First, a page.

CHARLESTON -- Coles County voters' interest in Tuesday's election is shown by the number of people who actually voted before then.
The county's number of "early" votes cast ahead of Election Day was nearly the same as the total increase the county saw in the number of voters from the 2014 election.
It helped push the county's turnout to its highest for a midterm election in at least 12 years.
In all, 17,365 of Coles County's 30,551 registered voters cast ballots in the election for a turnout of just more than 56.8 percent.
Of those, 4,532 took advantage of early voting, voting at locations such as the Coles County Courthouse instead of waiting until Tuesday to go to their precincts' polling places.
For the 2014 general election, the early voting total was 2,306 less than this year's. Turnout for that election was just less than 50 percent and it was about 47 percent for both the 2010 and 2006 midterm elections.
Coles County Clerk Sue Rennels, whose office oversees and conducts elections, said polling places reported being "very busy" but "very steady" on Tuesday.
"For a larger turnout, things went smoothly," she said.
She added that she is "elated" that the county experienced no voting equipment issues, some of which were reported in other parts of the country.
Coles County voters' interest was likely heightened by highly visible races that included state and federal lawmakers and county officials.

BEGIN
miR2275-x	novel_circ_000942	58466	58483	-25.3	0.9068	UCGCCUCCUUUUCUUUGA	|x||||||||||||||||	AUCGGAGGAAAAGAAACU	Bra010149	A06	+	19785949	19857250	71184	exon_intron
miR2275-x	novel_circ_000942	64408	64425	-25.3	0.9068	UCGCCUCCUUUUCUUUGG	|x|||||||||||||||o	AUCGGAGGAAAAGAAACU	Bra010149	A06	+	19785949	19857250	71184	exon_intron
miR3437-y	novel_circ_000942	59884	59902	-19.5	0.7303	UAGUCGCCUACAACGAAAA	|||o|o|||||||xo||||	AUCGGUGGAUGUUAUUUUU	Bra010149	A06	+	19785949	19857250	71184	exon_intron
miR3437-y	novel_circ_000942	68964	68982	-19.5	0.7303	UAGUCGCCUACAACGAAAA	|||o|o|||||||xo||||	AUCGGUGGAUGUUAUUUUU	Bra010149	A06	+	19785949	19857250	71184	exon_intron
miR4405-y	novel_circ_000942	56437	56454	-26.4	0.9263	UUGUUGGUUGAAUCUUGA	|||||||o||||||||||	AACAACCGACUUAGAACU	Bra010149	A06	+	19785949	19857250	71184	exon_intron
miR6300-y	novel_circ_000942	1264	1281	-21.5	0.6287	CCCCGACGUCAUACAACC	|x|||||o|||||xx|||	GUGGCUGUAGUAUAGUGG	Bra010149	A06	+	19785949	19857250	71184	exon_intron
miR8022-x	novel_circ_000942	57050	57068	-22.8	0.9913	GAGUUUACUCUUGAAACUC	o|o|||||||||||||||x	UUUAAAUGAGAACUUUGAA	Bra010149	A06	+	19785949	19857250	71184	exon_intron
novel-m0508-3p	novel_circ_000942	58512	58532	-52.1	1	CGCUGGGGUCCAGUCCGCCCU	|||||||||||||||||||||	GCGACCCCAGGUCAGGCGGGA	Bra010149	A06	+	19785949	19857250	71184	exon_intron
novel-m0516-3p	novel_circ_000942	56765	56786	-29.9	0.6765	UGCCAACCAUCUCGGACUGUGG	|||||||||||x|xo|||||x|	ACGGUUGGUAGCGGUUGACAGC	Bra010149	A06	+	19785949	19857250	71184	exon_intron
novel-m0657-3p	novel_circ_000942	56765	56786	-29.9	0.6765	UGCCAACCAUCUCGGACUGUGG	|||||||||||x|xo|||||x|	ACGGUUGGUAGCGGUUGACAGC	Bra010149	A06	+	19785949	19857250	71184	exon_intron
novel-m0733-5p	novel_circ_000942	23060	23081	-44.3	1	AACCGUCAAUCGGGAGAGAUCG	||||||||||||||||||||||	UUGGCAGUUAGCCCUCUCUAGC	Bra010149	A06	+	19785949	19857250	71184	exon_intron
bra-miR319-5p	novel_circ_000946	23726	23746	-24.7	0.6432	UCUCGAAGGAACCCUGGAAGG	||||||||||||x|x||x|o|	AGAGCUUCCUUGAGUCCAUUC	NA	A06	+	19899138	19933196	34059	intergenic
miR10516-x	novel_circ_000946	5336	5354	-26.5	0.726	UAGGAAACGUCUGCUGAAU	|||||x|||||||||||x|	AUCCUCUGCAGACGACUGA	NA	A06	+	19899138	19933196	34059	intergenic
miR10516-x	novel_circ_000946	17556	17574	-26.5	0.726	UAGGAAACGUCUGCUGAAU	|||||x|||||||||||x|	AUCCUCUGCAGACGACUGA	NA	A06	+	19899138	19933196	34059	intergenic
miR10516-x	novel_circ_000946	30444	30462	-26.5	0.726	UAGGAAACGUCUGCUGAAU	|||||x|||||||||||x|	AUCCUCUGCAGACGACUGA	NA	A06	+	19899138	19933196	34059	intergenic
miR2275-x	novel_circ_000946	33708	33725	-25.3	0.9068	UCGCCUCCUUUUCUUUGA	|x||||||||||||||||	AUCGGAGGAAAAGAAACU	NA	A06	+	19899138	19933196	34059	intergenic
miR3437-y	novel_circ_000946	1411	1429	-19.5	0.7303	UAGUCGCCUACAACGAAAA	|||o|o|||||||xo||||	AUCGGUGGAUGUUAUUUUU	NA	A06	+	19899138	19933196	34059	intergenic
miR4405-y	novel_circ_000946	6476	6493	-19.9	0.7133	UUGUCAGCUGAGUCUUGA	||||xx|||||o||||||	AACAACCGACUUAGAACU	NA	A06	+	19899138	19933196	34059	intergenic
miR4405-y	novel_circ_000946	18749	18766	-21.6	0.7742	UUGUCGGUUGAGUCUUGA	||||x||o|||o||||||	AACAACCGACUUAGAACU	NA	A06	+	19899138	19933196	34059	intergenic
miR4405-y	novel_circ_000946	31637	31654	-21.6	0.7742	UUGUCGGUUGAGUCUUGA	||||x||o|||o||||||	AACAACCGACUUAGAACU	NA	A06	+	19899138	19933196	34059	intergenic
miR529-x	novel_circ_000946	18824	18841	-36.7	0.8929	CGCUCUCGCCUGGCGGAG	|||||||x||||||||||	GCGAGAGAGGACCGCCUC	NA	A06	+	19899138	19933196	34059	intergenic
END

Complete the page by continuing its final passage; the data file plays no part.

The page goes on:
The rematch between incumbent Republican Jim Rankin and Democrat Greg Voudrie for county sheriff was closer than the race was in 2014.
There was once again somewhat of an east-west split of support between Rankin, a rural Charleston resident and Ashmore native, and Voudrie, a Mattoon area resident whose police career included time on that city's police department.
A by-precinct breakdown of the voting shows that Voudrie was the top vote-getter in 20 of county's 44 precincts, most in Mattoon and the west side of the county.
He also received support from voters in the Eastern Illinois University campus area. Eight of the 11 Charleston precincts in which Voudrie received more votes had polling places at the EIU student union or the on-campus Newman Catholic Center.
Campus voting also led to what could be called a bit of a surprise, with newcomer Democrat Juan Nevarez-Barron topping Republican Coles County Board member Paul Stranz for the board seat from District 3.
Nevarez-Barron received about 52 percent of the vote overall but about 75 percent in the district's Charleston 14 and Charleston 17 precincts, which both have campus polling places.
County voters favored Republican candidates in nearly all races for state officials and state and federal lawmakers.
The exception was the support for Illinois Secretary of State Jesse White, as the Democrat received just less than 52 percent of the county's vote.